Violation of Article 8: Just satisfaction: The applicants did not claim compensation for the damage suffered; the Court awarded them EUR 9,000 jointly in respect of costs and expenses.
Harmondsworth: Detainees freed After Near-Fatal Hunger Strikes
An increasing number of asylum seekers are being released from detention after almost starving themselves to death, the Guardian has learned.
On Monday (10/06/13) alone, four men were freed from Harmondsworth immigration removal centre after refusing food for weeks, according to sources both inside the centre and at the Home Office. As many as 17 inmates were on hunger strike at the centre last month, the Harmondsworth source said.
Security staff say they are placed in an impossible situation as more detainees refuse food as a means of obtaining their release. "We do not want detainees to die, but releasing them may encourage other detainees to go on hunger strike. It is a lose-lose situation," said the Harmondsworth source, who asked not to be named for fear of losing their job.
The four asylum seekers released on Monday had been assessed as medically unfit for detention weeks earlier, the centre source said, but the Home Office refused to release them until this week when one of them was at "death's door". The centre's watchdogs said they were "amazed that a doctor's judgment is overruled".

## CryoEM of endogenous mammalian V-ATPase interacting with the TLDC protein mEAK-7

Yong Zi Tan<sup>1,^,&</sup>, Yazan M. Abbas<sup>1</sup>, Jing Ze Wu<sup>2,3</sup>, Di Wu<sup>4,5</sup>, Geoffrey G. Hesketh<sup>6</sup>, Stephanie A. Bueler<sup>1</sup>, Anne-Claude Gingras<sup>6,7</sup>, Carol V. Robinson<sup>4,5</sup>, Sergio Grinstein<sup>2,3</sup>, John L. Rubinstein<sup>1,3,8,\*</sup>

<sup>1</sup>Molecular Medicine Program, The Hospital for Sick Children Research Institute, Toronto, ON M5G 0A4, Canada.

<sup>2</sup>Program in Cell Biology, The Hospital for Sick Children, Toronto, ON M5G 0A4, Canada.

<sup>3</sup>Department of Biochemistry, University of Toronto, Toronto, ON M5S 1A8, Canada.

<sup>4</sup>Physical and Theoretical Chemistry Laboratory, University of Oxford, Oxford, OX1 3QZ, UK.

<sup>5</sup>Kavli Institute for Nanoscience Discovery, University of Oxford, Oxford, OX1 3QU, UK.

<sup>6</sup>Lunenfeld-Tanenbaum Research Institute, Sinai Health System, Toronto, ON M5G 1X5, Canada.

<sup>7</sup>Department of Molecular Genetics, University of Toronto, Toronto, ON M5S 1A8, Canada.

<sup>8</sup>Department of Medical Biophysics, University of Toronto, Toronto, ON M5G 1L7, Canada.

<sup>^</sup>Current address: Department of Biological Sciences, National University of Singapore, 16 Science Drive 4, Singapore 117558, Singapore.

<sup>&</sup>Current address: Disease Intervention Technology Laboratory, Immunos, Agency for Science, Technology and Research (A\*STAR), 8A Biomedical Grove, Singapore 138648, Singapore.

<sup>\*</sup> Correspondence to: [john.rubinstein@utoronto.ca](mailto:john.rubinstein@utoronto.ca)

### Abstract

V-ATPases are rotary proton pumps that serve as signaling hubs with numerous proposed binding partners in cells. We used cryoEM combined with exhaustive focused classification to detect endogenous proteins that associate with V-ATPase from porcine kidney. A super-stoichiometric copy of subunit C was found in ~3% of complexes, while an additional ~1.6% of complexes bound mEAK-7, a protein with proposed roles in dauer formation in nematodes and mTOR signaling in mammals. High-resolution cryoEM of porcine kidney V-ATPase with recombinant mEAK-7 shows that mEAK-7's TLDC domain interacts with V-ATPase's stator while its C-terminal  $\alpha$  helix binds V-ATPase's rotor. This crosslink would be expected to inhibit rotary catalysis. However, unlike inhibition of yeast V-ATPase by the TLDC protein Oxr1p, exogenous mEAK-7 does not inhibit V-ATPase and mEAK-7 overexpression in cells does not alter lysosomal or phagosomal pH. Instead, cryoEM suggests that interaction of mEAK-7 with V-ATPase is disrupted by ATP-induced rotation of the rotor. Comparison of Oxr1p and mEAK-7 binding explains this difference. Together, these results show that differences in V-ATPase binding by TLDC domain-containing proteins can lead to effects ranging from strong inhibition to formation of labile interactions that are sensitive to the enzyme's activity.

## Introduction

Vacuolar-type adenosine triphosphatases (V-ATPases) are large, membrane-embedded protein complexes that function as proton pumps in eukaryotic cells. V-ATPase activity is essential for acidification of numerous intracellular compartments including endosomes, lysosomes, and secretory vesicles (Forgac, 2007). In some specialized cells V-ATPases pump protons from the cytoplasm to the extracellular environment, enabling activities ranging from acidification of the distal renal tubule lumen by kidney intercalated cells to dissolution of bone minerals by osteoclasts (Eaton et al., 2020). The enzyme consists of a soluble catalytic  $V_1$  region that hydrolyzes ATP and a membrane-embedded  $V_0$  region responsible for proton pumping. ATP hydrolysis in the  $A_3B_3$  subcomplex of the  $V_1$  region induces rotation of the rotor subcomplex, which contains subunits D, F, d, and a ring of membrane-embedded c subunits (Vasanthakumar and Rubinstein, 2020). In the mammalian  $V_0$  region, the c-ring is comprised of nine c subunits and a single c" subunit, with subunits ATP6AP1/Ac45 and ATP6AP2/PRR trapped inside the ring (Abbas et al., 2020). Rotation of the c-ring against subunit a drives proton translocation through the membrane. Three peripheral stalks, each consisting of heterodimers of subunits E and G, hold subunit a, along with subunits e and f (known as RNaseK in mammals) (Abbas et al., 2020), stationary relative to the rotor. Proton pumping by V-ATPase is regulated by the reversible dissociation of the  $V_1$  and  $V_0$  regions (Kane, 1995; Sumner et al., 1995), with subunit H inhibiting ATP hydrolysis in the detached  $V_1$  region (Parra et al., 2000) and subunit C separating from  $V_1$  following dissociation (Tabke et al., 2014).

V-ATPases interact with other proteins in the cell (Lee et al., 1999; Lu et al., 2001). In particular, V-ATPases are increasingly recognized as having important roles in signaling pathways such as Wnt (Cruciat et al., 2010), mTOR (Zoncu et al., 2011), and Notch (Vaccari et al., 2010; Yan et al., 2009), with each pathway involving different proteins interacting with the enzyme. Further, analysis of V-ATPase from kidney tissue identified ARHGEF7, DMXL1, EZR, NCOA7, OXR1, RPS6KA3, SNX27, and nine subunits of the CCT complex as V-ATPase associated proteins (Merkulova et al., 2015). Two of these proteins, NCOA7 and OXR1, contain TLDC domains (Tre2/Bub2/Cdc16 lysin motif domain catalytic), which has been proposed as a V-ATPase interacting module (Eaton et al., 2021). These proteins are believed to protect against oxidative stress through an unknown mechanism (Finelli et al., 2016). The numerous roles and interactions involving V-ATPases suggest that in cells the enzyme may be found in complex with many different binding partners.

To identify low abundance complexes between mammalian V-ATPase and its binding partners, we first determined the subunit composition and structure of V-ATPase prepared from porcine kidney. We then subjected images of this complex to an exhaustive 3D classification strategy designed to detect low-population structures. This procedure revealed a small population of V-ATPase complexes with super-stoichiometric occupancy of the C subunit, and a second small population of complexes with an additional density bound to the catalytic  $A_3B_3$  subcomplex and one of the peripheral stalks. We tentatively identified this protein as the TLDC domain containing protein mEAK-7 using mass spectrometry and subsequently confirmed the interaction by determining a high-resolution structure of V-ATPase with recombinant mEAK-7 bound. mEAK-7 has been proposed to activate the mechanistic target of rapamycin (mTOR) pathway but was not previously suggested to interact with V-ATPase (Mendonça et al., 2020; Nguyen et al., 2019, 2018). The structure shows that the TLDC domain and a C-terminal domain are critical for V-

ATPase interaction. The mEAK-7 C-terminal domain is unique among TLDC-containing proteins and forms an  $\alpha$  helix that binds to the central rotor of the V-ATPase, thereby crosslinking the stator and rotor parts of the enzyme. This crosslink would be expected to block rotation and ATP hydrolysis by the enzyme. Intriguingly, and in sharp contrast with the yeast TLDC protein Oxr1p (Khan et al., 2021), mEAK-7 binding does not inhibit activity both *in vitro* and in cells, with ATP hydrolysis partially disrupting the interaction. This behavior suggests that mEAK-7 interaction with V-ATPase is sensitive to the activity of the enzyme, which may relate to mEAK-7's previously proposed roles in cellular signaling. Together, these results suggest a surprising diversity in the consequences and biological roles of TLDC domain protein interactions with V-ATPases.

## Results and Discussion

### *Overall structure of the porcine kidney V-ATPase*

Read more: Eric Allison/Helen Pidd, guardian.co.uk, 14//06/13
No Time Limit on Separation of Families in Detention
Lord Roberts of Llandudno to ask Her Majesty's Government whether they have plans to introduce (1) a time limit on the separation of families within immigration detention, and (2) procedures for carrying out best interests assessments on children as recommended by the Bail for Immigrant Detainees' Fractured Childhoods report.[HL663]